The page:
Following hard on the heels of this study, “Sharing is learned in humans, not in chimps,” we hear from the Yerkes Primate Center “Chimpanzees Are Spontaneously Generous After All, Study Shows” (ScienceDaily, August 9, 2011):
n the current study, Dr. Horner and colleagues greatly simplified the test, which focused on offering seven adult female chimpanzees a choice between two similar actions: one that rewards both the “actor,” the term used in the paper for the lead study participant, and a partner, and another that rewards only the actor/chooser herself. Examples of the critically important simplified design aspects include allowing the study partners to sit close together and ensuring conspicuous food consumption, which the researchers achieved by wrapping pieces of banana in paper that made a loud noise upon removal.
In each trial, the chooser, which was always tested with her partner in sight, selected between differently colored tokens from a bin. One colored token could be exchanged with an experimenter for treats for both members of the pair (prosocial); the other colored token would result in a treat only for the chooser (selfish). All seven chimpanzees showed an overwhelming preference for the prosocial choice. The study also showed the choosers behaved altruistically especially towards partners who either patiently waited or gently reminded them that they were there by drawing attention to themselves. The chimpanzees making the choices were less likely to reward partners who made a fuss, begged persistently or spat water at them, thus showing their altruism was spontaneous and not subject to intimidation.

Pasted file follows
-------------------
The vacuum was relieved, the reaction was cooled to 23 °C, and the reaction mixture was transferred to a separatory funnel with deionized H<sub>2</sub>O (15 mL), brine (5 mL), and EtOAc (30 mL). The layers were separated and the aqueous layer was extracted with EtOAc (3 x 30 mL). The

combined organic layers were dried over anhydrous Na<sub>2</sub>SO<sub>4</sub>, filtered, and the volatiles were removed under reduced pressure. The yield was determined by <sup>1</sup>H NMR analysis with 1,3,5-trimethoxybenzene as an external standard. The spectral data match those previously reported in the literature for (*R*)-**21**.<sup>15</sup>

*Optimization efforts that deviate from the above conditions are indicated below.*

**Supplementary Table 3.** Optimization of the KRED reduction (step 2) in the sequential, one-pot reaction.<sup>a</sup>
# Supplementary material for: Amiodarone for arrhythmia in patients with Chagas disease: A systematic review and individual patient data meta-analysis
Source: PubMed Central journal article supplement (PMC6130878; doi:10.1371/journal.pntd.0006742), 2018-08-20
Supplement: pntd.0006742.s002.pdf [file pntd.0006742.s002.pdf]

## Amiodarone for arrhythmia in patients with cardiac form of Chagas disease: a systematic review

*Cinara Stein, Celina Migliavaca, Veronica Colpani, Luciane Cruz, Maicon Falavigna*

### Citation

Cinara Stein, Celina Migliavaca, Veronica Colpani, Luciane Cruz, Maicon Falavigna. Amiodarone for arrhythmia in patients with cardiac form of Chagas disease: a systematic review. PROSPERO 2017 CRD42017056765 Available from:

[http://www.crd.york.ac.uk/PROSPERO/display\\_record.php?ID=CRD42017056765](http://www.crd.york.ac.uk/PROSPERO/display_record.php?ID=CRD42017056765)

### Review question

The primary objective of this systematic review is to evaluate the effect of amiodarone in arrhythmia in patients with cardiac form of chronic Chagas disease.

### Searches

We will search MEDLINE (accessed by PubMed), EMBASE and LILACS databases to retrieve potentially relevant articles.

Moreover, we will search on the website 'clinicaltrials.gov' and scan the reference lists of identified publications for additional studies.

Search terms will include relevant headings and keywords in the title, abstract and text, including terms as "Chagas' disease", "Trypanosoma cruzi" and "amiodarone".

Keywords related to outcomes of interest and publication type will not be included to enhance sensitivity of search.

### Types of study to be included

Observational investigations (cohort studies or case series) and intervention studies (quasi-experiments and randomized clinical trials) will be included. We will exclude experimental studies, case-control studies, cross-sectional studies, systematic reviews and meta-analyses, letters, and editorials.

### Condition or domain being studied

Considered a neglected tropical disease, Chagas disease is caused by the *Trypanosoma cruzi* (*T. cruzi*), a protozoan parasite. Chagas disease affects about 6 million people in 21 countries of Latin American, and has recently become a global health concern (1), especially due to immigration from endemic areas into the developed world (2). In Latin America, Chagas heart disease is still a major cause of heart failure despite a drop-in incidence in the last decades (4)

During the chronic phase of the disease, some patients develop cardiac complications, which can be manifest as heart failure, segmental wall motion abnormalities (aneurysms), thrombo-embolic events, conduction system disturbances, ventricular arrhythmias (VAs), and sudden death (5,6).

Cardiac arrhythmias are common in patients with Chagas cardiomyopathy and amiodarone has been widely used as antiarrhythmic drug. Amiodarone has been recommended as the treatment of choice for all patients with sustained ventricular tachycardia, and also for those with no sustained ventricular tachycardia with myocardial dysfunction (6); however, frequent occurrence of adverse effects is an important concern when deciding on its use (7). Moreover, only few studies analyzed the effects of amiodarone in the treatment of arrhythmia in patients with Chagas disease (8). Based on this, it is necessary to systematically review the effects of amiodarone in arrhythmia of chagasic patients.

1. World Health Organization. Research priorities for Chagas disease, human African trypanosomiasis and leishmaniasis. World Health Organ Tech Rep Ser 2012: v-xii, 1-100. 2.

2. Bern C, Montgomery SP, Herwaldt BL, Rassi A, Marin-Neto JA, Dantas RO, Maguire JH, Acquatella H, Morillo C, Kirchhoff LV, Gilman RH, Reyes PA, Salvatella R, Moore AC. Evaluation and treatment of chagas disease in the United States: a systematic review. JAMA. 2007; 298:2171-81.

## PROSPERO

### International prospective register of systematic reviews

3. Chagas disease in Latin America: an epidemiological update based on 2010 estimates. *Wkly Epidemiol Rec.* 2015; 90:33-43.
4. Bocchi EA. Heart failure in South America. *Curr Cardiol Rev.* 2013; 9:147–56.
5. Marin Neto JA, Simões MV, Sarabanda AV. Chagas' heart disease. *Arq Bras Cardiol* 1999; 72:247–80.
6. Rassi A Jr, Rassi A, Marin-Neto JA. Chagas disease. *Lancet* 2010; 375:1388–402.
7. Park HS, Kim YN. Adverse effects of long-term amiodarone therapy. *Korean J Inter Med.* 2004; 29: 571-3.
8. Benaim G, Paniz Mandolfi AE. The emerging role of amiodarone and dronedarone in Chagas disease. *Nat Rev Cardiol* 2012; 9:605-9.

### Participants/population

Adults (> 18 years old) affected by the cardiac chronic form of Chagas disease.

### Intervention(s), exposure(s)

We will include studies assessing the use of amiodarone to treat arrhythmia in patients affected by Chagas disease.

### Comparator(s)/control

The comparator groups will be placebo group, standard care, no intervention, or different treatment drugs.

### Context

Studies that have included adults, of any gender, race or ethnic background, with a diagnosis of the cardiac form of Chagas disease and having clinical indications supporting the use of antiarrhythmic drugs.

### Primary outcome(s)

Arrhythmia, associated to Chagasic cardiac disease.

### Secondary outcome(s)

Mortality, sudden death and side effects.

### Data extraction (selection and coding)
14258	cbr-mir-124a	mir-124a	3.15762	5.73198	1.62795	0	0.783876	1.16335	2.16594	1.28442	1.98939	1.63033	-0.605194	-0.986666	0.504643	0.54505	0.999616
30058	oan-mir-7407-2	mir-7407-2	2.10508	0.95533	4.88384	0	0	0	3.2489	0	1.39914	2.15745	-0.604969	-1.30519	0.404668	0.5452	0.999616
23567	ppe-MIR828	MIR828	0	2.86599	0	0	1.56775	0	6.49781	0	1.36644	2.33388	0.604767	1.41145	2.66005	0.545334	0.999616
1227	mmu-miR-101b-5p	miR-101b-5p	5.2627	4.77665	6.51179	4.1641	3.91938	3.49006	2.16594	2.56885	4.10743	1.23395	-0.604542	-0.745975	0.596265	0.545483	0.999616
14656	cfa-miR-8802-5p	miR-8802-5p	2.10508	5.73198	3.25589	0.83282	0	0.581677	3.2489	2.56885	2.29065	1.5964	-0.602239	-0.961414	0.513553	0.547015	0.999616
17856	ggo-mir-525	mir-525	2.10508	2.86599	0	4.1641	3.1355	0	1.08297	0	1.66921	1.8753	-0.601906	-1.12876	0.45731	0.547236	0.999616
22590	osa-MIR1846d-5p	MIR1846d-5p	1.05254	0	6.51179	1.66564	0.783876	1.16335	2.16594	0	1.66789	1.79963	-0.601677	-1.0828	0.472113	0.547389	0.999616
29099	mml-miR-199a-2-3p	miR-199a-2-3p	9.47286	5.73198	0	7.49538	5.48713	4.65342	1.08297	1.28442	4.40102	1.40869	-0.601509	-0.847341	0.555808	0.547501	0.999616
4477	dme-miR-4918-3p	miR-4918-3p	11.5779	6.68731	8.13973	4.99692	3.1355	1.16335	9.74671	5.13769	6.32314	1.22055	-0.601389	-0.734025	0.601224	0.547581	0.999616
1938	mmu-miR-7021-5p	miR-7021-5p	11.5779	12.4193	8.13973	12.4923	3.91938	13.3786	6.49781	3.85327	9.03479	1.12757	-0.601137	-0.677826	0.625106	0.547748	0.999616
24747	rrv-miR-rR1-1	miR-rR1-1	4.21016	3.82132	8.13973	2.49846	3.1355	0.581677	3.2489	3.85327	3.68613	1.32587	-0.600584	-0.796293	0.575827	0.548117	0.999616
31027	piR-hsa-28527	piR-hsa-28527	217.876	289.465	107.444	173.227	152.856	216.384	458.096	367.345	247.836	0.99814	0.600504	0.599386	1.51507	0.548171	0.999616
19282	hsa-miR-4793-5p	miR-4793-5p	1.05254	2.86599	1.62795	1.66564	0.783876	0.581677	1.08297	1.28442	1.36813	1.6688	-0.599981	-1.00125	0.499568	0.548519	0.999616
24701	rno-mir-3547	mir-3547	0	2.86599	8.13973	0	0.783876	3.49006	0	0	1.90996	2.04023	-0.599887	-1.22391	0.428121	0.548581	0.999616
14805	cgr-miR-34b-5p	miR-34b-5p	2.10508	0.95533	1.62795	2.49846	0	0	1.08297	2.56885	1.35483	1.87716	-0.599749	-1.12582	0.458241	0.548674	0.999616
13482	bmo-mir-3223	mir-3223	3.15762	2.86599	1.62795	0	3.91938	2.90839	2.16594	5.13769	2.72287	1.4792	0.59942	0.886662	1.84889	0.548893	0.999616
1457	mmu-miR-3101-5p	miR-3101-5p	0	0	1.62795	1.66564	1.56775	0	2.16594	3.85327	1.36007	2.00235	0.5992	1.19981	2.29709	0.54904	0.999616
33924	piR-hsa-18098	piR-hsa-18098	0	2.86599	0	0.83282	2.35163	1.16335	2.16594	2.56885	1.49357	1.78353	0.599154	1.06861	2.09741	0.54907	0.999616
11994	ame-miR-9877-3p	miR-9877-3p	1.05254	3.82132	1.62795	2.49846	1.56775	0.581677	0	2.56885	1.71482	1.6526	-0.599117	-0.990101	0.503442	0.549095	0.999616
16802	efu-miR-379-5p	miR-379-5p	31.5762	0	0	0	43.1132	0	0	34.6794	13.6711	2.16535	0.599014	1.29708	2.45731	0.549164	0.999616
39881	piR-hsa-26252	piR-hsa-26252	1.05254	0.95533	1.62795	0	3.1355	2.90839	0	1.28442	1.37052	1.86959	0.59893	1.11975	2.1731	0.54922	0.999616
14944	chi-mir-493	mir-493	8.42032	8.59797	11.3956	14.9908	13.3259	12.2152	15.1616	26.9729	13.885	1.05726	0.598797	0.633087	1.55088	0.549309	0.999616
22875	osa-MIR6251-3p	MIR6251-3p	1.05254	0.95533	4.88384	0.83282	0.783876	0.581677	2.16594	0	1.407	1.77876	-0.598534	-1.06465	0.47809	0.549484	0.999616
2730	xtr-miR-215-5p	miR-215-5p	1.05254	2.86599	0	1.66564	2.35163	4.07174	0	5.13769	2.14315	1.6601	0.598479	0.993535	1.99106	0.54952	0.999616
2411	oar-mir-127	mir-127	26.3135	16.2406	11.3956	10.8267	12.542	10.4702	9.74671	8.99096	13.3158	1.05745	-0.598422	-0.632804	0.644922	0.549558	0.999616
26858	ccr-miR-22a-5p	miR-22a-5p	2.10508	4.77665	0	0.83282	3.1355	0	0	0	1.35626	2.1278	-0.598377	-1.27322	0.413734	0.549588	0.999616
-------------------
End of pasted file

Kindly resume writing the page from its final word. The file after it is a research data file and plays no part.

In short, as a social species, chimpanzees do not readily break up a harmonious group. The chimp partners who spat water were thereby revealing that they were not harmonious group members. No chimpanzee was giving her own reward to another.
What keeps this stuff going anyway? Oh yes,
These results, however, confirm chimpanzee altruism in a well-controlled experiment, suggesting human altruism is less of an anomaly than previously thought.
The study authors next plan to determine whether the altruistic tendency of the chimpanzees towards their partners is related to social interactions within the group, such as reciprocal exchanges of food or social support.
Thoughts as to what they’ll find? Or if, assuming they don’t find what they are looking for, we will hear much about it?
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